Well, Miss Martin went off on one a her famous rants about whatever she may or may not have done is none of anyone else’s business, especially children of all things, and that we should all be ashamed of ourselves for not plugging our ears early in the poem so that we would not be the recipients of such unadulterated trash into our poor, innocent minds, and that she was now forever going to wonder if her decision to allow such a rabble rouser as me to speak in front of the class was going to forever corrupt our poor, innocent minds for the rest a our lives. When she got done, and went into her contemplatering look, Emily Prater spoke for all of us.
     “Don’t worry, Miss Martin. You didn’t do anything wrong. And besides, we know about all that stuff already anyway.” She looked straight at me with a small smile on her face as she said it.
     Well, Miss Martin’s eyes rolled right up into her head, and she put her hand on her forehead just while her whole face was beginning to turn red and then she fainted dead away right there in front of us.

     Word got around town about it all, and it seemed to divide the town in two, at least for the issue of Miss Martin.       Although she would of like it to be about my poem, it was more about whether or not she was appropriately prudish, and whether or not she had sufficient control of the classroom to be an effective influence on our lives. The only person in town who wanted it to be about the poem was Father O’Shaunessey, who said that the mere fact that the poem had spread beyond the classroom proved beyond any shadow of a doubt that the town was on a clear and slick path to hell, and we all needed to come to church, put our dollar in the pot, and have our sins washed away so we might— might— avoid the perils of hell which certainly accompanied such depravity.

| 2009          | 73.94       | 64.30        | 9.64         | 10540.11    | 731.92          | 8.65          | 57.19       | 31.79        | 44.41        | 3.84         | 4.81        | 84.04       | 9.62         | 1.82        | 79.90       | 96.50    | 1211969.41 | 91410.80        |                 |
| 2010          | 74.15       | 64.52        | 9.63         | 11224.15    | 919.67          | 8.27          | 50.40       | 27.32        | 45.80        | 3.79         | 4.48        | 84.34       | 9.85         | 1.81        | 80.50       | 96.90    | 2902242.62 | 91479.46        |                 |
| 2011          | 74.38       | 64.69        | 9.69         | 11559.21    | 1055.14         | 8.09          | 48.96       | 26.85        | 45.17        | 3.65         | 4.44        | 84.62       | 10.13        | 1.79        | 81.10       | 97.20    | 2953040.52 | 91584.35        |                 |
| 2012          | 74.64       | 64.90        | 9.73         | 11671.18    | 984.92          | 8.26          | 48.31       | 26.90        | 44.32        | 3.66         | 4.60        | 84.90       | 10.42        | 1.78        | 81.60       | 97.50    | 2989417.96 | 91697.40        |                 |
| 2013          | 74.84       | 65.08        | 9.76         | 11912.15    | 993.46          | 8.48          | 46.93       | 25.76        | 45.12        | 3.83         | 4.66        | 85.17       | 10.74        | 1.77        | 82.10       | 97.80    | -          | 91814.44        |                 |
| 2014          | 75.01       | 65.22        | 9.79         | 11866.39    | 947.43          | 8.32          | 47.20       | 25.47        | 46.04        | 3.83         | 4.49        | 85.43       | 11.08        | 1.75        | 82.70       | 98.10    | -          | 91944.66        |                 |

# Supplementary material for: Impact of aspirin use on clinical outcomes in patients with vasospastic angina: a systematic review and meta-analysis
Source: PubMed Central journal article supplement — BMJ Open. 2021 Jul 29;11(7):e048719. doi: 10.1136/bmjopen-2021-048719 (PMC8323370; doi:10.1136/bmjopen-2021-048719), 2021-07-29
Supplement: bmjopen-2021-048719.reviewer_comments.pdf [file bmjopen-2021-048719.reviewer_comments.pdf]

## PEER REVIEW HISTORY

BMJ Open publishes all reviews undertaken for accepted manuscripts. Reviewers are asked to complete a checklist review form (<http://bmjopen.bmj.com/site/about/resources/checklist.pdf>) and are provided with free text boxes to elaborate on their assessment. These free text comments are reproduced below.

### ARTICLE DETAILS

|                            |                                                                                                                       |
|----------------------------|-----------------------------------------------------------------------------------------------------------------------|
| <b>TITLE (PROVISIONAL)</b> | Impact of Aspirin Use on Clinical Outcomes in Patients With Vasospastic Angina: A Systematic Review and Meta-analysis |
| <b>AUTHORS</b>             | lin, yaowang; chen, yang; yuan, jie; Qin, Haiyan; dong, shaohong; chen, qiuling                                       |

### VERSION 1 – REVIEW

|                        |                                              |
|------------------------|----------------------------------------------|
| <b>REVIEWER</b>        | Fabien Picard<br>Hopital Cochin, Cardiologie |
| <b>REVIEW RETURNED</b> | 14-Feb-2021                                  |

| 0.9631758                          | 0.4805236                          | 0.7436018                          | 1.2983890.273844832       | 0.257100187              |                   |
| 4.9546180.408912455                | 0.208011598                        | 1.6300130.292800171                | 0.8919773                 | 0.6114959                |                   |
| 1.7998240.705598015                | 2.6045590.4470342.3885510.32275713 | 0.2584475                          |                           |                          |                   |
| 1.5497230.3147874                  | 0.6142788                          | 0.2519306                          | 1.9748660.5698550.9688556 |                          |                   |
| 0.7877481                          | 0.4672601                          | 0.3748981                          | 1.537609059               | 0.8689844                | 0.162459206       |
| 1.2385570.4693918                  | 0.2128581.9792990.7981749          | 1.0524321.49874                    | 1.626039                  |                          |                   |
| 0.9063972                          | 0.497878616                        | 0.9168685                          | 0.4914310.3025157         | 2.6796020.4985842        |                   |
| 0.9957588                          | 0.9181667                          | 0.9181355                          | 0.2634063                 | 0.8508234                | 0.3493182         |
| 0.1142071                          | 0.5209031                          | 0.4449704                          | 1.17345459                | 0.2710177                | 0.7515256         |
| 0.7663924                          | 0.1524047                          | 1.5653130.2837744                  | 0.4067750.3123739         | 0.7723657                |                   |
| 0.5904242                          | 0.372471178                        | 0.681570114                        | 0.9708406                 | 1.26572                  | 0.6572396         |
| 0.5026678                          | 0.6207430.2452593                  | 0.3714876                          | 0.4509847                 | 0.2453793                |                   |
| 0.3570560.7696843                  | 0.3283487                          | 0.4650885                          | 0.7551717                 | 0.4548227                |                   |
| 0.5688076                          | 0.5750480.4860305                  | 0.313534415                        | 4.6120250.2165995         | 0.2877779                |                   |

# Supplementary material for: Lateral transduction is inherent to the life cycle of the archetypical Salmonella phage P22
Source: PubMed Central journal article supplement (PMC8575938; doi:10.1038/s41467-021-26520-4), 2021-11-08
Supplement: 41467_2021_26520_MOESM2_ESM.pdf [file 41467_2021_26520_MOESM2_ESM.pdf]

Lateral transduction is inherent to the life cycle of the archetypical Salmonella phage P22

When I heard that, I felt a need to go to the Father’s church and do a confession. 
     He did some mumbling in Irish or some other language that I didn’t understand, and then asked me what it was that I needed to confess. 
     “I lied,” I said.
     “That can be a very serious thing,” he said seriously. “What in particular did you lie about?”
     “Well, it’s this. I wrote this poem for school, and I really meant for it to be honest as the day is long, but when I got to certain parts, I felt like it warn’t really anyone else’s business what me and a certain girl did, so I left them parts out. Now, because of the famosity of the poem, there is lots of speculation about whether or not it really happened and who or who isn’t the girl involved. Should I a just tole the whole story instead a just a part a it?”
     I heard him gasp when I got to my question. I knowed along that he was expecting me to come in and be all contrite and apologetic about writin such a depraved account a some private time, and when I asked only whether or not I should of been more explicit, it tossed him for a loop.
     “I mean, there’s the part that happened when my hands just happened to touch her right on the….” I began.
     “Enough!” he blurted. 
     “Enough of what? I come in here to get cleansed from my sins, although I ain’t the most certain I done anything to need cleansed from, and if I don’t tell you what it is that I done that might or might not need the cleansin, then how are you going to know if I need it or not?”